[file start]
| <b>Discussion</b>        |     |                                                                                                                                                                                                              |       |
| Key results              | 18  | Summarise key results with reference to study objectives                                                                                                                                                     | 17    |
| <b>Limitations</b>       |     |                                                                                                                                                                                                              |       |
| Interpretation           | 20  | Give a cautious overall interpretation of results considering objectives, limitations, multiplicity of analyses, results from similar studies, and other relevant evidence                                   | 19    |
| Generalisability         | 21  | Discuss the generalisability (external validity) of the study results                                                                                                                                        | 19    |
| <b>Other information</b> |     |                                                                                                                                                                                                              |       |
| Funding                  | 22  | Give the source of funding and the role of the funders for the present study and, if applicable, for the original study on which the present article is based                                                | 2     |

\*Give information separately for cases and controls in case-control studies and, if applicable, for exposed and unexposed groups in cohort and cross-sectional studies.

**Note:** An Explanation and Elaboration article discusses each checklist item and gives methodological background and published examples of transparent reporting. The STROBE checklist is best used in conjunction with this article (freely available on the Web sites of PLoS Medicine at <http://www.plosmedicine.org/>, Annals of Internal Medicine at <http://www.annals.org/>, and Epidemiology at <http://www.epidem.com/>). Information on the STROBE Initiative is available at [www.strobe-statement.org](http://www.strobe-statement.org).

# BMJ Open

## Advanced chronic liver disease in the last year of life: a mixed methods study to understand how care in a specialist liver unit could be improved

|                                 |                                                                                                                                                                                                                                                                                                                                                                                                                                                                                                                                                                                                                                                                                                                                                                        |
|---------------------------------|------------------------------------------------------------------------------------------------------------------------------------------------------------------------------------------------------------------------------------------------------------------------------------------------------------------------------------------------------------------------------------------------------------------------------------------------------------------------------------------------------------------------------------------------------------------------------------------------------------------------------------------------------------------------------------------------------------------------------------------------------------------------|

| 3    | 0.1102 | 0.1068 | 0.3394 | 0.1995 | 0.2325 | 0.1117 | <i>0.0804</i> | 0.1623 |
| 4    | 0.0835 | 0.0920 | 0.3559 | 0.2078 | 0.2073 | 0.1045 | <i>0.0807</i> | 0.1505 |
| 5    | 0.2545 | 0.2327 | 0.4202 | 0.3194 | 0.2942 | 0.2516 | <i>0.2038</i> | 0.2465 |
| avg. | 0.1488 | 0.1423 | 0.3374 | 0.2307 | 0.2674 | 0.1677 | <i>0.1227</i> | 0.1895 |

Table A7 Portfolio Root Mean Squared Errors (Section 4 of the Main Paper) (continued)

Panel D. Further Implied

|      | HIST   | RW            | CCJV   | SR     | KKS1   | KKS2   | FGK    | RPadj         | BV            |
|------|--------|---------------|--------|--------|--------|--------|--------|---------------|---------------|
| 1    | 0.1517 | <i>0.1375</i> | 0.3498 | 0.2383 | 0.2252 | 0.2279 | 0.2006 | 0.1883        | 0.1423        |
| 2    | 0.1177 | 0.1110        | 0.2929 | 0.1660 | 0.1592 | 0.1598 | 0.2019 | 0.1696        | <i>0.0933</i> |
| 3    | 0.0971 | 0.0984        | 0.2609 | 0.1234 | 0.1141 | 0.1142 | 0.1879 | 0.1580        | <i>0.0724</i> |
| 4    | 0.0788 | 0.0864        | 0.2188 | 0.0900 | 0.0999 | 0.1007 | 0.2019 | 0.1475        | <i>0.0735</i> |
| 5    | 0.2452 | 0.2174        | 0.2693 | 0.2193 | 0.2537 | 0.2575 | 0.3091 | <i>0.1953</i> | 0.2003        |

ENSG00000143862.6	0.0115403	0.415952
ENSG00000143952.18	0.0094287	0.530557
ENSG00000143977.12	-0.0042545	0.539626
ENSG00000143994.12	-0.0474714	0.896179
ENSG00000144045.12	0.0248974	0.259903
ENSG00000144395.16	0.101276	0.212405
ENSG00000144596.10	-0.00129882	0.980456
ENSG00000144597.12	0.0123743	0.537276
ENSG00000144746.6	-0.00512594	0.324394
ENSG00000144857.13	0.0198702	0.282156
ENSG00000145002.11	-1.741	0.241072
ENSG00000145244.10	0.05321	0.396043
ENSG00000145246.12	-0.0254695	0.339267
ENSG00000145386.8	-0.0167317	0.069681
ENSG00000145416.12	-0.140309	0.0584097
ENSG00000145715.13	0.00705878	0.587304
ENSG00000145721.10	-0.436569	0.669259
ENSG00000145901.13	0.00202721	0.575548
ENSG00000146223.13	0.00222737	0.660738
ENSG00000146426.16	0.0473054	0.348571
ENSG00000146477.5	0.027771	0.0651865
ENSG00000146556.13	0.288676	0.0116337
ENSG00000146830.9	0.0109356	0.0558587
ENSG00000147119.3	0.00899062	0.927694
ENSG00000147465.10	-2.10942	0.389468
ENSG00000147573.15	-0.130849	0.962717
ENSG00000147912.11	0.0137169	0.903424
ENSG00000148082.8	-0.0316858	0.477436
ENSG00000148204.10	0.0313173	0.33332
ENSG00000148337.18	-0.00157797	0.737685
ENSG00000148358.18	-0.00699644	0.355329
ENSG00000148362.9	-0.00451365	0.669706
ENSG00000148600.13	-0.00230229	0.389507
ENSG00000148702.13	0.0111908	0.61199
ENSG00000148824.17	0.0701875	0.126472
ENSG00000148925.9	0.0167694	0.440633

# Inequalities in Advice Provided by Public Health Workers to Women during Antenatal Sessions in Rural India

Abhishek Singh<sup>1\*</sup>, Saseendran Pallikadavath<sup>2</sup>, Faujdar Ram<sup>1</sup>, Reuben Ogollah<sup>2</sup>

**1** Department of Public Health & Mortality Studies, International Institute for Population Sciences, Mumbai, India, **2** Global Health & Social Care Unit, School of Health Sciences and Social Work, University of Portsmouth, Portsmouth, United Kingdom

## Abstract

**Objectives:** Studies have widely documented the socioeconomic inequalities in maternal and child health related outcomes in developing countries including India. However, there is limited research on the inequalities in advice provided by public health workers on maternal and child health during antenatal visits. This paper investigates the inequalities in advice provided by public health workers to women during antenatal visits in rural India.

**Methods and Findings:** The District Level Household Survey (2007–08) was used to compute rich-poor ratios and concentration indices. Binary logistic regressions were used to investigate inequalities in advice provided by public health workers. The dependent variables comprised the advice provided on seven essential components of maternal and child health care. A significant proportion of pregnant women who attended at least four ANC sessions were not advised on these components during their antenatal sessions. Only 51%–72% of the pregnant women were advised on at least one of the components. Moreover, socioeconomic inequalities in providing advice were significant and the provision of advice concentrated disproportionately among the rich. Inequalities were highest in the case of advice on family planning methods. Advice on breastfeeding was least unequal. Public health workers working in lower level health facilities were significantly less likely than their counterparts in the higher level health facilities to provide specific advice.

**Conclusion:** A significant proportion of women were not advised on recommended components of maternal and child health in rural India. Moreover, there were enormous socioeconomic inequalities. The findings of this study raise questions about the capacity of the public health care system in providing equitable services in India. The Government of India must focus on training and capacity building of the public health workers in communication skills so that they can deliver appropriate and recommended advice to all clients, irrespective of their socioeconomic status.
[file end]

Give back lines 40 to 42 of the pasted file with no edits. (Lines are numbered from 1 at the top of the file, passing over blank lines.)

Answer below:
ENSG00000145386.8	-0.0167317	0.069681
ENSG00000145416.12	-0.140309	0.0584097
ENSG00000145715.13	0.00705878	0.587304